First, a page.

Arden put the revolver back in his pocket, seized her by the shoulder. “Come away from that!” he ordered roughly, and half-lifted her to her feet.

With a cry so awful that Adelaide swayed and almost swooned at hearing it, Estelle wrenched herself free, flung herself on her lover's body, buried her fingers in his hair, covered his dead face with kisses, bathed her lips in the blood that welled from his heart. Shouts and heavy, quick tramping from many directions—the tempest of murder was drawing people to its center as a cyclone sucks in leaves. Fright in Arden Wilmot's face, revealed to Adelaide in the light streaming from the big drawing-room windows. A group—a crowd—a multitude—pouring upon the lawns from every direction—swirling round Arden as he stood over the prostrate intermingled forms of his sister and her dead lover.

Then Adelaide, clinging to the door frame to steady herself, heard Arden say in a loud blustering voice: “I found this fellow insulting my sister, and I treated him as a Wilmot always treats an insult.” And as the words reached her, they fired her. All her weakness, all her sense of helplessness fled.

Out of the circle came a man bearing unconscious Estelle, blood upon her face, upon her bosom, blood dripping from her hands. “Where shall I take her?” asked the man of Adelaide. “A doctor's been sent for.”

“Into the hall—on the sofa—at the end—and watch by her,” said Del, in quick, jerking tones. Her eyes were ablaze, her breath came in gusts. Without waiting to see where he went with his burden, she rushed down the broad steps and through the crowd, pushing them this way and that. She faced Arden Wilmot—not a lady, but a woman, a flaming torch of outraged human feeling.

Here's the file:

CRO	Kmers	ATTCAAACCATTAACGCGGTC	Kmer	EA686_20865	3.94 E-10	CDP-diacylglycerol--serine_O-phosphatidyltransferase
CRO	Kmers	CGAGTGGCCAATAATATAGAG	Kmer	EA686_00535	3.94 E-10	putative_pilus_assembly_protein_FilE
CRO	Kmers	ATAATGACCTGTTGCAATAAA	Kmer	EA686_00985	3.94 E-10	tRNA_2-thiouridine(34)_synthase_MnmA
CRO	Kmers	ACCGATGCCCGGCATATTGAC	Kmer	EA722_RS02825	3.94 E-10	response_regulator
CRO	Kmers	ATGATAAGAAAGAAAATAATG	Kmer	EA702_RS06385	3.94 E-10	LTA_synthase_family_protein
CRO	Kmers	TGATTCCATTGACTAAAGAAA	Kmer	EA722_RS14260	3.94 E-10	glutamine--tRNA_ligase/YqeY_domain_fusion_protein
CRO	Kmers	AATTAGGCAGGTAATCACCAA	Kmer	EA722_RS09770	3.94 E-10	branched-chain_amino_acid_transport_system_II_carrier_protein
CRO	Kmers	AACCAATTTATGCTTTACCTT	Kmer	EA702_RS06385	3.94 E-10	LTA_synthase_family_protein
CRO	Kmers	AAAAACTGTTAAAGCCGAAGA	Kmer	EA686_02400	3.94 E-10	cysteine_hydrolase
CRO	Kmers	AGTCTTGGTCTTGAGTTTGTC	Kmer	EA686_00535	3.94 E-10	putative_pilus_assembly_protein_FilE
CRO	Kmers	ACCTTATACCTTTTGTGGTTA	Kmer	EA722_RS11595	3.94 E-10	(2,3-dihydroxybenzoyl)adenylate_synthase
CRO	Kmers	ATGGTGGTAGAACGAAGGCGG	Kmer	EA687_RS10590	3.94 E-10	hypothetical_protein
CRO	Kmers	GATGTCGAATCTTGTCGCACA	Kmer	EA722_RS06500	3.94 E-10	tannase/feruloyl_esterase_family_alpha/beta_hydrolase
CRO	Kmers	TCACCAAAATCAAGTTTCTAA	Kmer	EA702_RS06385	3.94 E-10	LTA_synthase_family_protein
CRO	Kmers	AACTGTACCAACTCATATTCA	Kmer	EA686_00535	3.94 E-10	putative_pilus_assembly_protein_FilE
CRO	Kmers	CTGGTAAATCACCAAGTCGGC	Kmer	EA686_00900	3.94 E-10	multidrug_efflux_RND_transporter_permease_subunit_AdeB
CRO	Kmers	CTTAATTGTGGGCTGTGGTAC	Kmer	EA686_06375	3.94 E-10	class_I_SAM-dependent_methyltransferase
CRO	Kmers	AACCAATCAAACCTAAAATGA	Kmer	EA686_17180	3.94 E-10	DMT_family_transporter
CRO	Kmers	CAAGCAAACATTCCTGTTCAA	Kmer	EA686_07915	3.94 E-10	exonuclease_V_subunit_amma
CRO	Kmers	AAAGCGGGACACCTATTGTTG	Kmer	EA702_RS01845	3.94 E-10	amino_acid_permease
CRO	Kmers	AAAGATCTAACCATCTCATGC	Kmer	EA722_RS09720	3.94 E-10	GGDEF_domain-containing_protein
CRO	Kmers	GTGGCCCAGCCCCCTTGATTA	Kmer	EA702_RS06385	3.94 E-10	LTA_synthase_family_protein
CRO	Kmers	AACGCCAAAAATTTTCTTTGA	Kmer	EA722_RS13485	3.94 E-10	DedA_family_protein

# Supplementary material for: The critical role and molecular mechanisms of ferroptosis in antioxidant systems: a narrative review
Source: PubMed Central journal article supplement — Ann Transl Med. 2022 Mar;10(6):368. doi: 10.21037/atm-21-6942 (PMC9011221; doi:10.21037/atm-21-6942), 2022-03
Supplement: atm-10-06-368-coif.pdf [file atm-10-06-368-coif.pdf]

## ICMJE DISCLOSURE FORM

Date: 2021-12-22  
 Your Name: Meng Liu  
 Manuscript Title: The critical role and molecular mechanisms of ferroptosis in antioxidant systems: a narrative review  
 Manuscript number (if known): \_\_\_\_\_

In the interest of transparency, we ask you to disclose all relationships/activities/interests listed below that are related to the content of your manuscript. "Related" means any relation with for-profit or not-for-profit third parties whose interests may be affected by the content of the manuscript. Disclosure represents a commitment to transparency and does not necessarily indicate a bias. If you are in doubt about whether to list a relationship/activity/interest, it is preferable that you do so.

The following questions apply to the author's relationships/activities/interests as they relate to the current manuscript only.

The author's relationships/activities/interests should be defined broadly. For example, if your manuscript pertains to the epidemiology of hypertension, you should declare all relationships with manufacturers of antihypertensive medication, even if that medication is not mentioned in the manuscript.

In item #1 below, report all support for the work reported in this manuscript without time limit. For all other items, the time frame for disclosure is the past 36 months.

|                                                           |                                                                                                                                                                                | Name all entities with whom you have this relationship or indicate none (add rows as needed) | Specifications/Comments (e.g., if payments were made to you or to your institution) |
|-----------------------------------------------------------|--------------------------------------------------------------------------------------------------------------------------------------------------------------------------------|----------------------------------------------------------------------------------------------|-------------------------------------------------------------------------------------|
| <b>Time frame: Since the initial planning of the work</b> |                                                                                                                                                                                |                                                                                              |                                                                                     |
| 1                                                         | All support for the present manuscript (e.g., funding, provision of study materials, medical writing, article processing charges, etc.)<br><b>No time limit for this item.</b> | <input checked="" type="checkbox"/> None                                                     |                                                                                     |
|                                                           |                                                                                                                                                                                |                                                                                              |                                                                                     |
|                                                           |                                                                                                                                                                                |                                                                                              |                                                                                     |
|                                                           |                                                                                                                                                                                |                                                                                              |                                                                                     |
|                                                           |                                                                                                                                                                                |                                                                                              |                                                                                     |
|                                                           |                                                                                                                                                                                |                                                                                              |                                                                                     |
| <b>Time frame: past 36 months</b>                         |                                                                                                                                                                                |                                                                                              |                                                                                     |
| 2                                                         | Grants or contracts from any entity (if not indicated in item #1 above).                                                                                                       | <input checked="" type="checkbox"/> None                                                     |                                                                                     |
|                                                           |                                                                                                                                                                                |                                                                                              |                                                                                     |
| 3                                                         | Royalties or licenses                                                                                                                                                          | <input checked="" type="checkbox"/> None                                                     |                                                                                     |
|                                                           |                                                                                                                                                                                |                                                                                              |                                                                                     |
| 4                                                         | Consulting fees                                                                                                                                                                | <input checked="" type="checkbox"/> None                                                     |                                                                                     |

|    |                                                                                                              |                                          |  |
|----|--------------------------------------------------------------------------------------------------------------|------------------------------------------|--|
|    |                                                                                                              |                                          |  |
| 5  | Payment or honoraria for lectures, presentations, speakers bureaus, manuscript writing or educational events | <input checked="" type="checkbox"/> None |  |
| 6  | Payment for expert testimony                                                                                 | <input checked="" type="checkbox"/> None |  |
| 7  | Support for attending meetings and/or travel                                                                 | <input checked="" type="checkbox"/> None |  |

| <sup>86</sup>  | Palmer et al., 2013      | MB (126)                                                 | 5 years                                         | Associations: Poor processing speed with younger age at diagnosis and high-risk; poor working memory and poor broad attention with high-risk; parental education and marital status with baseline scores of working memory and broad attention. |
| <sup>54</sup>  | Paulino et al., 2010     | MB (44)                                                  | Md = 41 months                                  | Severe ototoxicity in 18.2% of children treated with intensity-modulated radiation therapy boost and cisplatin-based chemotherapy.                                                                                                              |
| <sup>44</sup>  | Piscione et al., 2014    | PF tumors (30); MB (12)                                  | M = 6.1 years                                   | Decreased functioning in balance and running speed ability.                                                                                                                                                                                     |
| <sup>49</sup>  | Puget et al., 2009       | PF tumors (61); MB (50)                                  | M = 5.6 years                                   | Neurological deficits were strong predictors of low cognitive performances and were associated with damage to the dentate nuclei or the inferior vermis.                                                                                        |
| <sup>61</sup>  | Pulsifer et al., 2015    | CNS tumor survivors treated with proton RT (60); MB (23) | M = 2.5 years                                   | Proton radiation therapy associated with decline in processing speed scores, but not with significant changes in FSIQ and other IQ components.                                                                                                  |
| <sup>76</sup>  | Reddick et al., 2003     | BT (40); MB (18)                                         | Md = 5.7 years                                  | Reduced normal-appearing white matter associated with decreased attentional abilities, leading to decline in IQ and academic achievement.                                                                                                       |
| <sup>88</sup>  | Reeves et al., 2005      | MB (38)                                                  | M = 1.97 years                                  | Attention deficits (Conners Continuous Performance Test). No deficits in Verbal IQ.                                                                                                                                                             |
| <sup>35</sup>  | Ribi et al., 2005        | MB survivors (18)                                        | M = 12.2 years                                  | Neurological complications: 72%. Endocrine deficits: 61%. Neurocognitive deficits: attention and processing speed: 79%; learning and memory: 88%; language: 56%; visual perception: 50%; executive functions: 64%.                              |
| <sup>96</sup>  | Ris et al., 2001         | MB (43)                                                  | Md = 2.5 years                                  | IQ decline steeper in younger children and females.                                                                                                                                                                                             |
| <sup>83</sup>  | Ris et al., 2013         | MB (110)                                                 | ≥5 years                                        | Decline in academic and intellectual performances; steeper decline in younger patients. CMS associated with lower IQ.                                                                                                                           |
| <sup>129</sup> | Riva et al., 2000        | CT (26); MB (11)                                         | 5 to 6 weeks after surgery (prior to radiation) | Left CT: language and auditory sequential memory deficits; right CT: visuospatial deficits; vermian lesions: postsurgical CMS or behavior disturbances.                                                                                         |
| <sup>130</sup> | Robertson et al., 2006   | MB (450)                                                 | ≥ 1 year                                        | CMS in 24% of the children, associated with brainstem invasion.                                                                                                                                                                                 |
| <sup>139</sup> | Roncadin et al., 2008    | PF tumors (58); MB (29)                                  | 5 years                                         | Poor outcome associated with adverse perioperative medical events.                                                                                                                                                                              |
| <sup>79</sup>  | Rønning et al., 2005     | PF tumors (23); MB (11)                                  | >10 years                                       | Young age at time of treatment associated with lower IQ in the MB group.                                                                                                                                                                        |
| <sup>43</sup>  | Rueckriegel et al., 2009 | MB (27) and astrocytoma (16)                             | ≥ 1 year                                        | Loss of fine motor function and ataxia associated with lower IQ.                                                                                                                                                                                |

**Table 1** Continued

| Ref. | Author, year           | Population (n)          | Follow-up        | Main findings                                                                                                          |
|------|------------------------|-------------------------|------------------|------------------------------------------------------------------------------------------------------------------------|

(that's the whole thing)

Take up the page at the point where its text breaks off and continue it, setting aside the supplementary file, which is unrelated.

“You lie!” she cried, and he seemed to wither before her. “You lie about him and about her! You, with the very clothes you're dressed in, the very liquor you're drunk with, the very pistol that shot him down, paid for by her earnings! He never offended you—not by look or word. You murdered him—I saw—heard. You murdered the man she was to marry, the man she loved—murdered him because she loved him. Look at him!”

The crowd widened its circle before the sweep of her arm. Lorry's blood-stained body came into view. His face, beautiful and, in its pale calm, stronger than life, was open to the paling sky. “There lies a man,” she sobbed, and her tears were of the kind that make the fires of passion burn the fiercer. “A man any woman with a woman's heart would have been proud to be loved by. And you—you've murdered him!”

“Take care, Mrs. Hargrave,” a voice whispered in her ear. “They'll lynch him.”

“And why not?” she cried out. “Why should such a creature live?”

A hundred men were reaching for Arden, and from the crowd rose that hoarse, low, hideous sound which is the first deep bay of the unleashed blood-madness. “No, no!” she begged in horror, and waved them back.

“Adelaide!” gasped Arden, wrenching himself free and crouching at her feet and clinging to her skirts. “Save me! I only did my duty as a gentleman.”